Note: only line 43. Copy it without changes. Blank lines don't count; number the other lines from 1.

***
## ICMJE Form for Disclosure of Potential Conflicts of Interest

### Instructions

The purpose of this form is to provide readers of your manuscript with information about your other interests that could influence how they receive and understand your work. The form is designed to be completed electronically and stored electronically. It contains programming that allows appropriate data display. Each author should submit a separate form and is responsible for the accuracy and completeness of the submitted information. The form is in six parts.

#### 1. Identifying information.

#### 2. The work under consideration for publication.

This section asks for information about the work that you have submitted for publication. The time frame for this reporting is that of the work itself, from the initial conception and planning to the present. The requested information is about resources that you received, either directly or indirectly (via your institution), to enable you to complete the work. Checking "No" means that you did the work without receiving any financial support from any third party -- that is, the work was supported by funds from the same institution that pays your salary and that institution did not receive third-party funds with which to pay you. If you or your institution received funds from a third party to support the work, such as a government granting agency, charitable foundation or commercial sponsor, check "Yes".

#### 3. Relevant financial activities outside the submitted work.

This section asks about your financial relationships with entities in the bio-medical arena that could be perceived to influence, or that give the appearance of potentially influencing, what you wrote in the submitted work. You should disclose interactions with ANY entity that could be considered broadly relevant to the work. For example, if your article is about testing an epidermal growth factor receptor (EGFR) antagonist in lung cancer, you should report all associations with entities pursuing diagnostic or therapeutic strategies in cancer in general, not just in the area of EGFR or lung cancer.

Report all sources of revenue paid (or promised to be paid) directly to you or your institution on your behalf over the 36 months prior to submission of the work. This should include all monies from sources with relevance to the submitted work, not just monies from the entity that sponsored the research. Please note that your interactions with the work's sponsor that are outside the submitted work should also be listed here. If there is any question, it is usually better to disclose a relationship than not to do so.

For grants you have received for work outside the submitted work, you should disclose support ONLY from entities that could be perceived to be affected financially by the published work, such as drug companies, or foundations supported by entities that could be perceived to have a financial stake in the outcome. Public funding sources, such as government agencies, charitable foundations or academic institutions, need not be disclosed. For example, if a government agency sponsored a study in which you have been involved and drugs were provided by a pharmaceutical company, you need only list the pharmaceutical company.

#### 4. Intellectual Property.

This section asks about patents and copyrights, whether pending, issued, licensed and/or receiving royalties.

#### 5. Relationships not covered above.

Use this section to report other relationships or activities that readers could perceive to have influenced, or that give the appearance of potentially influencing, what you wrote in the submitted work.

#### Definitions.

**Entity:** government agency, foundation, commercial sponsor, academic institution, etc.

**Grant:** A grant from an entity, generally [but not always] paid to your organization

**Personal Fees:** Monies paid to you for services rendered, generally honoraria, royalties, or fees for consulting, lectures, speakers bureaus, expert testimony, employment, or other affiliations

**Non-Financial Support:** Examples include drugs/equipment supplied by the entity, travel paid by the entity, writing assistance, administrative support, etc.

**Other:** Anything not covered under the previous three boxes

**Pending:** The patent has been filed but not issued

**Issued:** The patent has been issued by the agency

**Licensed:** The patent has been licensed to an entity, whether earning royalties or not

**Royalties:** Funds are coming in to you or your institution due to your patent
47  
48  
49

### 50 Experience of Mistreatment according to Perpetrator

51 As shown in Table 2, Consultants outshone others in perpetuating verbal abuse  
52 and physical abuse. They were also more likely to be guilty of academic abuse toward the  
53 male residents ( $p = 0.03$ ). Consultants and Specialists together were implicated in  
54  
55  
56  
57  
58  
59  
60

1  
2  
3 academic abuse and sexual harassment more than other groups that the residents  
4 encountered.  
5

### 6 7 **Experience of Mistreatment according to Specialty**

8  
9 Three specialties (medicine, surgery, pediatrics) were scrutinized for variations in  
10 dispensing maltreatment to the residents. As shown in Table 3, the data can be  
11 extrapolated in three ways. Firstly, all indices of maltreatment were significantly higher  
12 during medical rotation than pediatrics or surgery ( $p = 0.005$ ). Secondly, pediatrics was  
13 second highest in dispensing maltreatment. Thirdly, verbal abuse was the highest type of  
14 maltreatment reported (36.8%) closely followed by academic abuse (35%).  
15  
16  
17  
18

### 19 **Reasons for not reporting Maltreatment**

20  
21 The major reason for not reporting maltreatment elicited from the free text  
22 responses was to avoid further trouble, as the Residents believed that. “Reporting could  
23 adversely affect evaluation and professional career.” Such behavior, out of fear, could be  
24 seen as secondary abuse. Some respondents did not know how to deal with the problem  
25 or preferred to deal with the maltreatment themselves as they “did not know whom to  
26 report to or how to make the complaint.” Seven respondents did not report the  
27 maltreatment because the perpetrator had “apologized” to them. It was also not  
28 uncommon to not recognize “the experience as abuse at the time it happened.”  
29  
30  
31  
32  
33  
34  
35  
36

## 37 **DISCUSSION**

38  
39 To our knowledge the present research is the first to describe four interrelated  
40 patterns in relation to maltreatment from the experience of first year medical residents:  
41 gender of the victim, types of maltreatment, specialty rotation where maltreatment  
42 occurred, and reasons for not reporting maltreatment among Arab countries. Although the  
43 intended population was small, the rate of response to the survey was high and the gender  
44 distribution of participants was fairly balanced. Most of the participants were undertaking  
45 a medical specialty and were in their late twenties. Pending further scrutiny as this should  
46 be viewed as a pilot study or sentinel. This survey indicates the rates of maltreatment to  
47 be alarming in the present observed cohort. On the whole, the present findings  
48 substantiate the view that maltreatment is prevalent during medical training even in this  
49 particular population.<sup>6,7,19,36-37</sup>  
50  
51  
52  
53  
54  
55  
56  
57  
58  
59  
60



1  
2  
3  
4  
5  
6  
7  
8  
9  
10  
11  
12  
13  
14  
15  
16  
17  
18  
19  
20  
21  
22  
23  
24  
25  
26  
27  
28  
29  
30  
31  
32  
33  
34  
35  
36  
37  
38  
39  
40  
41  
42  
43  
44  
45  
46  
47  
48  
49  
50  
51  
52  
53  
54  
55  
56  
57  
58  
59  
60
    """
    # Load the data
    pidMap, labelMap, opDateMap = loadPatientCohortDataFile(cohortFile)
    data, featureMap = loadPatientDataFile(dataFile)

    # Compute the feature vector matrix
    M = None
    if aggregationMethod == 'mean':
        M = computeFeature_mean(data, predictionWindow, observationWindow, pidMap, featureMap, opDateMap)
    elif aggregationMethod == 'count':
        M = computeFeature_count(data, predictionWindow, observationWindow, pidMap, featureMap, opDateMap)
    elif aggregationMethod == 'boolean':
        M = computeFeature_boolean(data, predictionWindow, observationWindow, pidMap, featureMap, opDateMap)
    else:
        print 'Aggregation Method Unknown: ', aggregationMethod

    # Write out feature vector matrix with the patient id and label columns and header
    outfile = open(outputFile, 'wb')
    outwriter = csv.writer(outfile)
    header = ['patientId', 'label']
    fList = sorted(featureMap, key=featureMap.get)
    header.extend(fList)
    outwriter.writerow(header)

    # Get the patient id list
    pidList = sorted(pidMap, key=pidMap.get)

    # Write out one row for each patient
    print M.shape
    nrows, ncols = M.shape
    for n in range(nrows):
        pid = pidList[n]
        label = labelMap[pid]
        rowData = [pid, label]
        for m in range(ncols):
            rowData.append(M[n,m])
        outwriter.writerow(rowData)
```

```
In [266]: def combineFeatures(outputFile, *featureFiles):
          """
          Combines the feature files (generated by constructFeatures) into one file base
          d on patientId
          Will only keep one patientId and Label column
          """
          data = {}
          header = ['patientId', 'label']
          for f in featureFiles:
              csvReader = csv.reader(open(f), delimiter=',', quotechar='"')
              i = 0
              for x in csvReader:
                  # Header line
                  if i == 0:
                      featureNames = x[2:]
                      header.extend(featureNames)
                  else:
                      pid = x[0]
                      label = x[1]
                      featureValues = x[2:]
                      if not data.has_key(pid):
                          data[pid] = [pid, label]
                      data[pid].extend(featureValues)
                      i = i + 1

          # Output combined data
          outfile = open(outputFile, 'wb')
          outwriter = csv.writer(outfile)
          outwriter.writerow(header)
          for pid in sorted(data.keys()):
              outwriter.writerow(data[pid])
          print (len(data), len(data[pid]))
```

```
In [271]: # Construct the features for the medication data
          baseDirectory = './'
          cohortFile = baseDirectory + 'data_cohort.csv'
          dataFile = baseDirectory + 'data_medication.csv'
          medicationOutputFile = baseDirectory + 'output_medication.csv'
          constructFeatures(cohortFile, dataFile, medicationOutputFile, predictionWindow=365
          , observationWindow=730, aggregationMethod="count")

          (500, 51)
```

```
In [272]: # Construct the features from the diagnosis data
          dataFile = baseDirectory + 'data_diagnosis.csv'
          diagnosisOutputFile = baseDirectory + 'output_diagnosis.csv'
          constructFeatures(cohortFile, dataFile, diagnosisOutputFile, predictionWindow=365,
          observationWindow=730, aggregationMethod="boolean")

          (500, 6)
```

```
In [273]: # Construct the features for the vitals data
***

5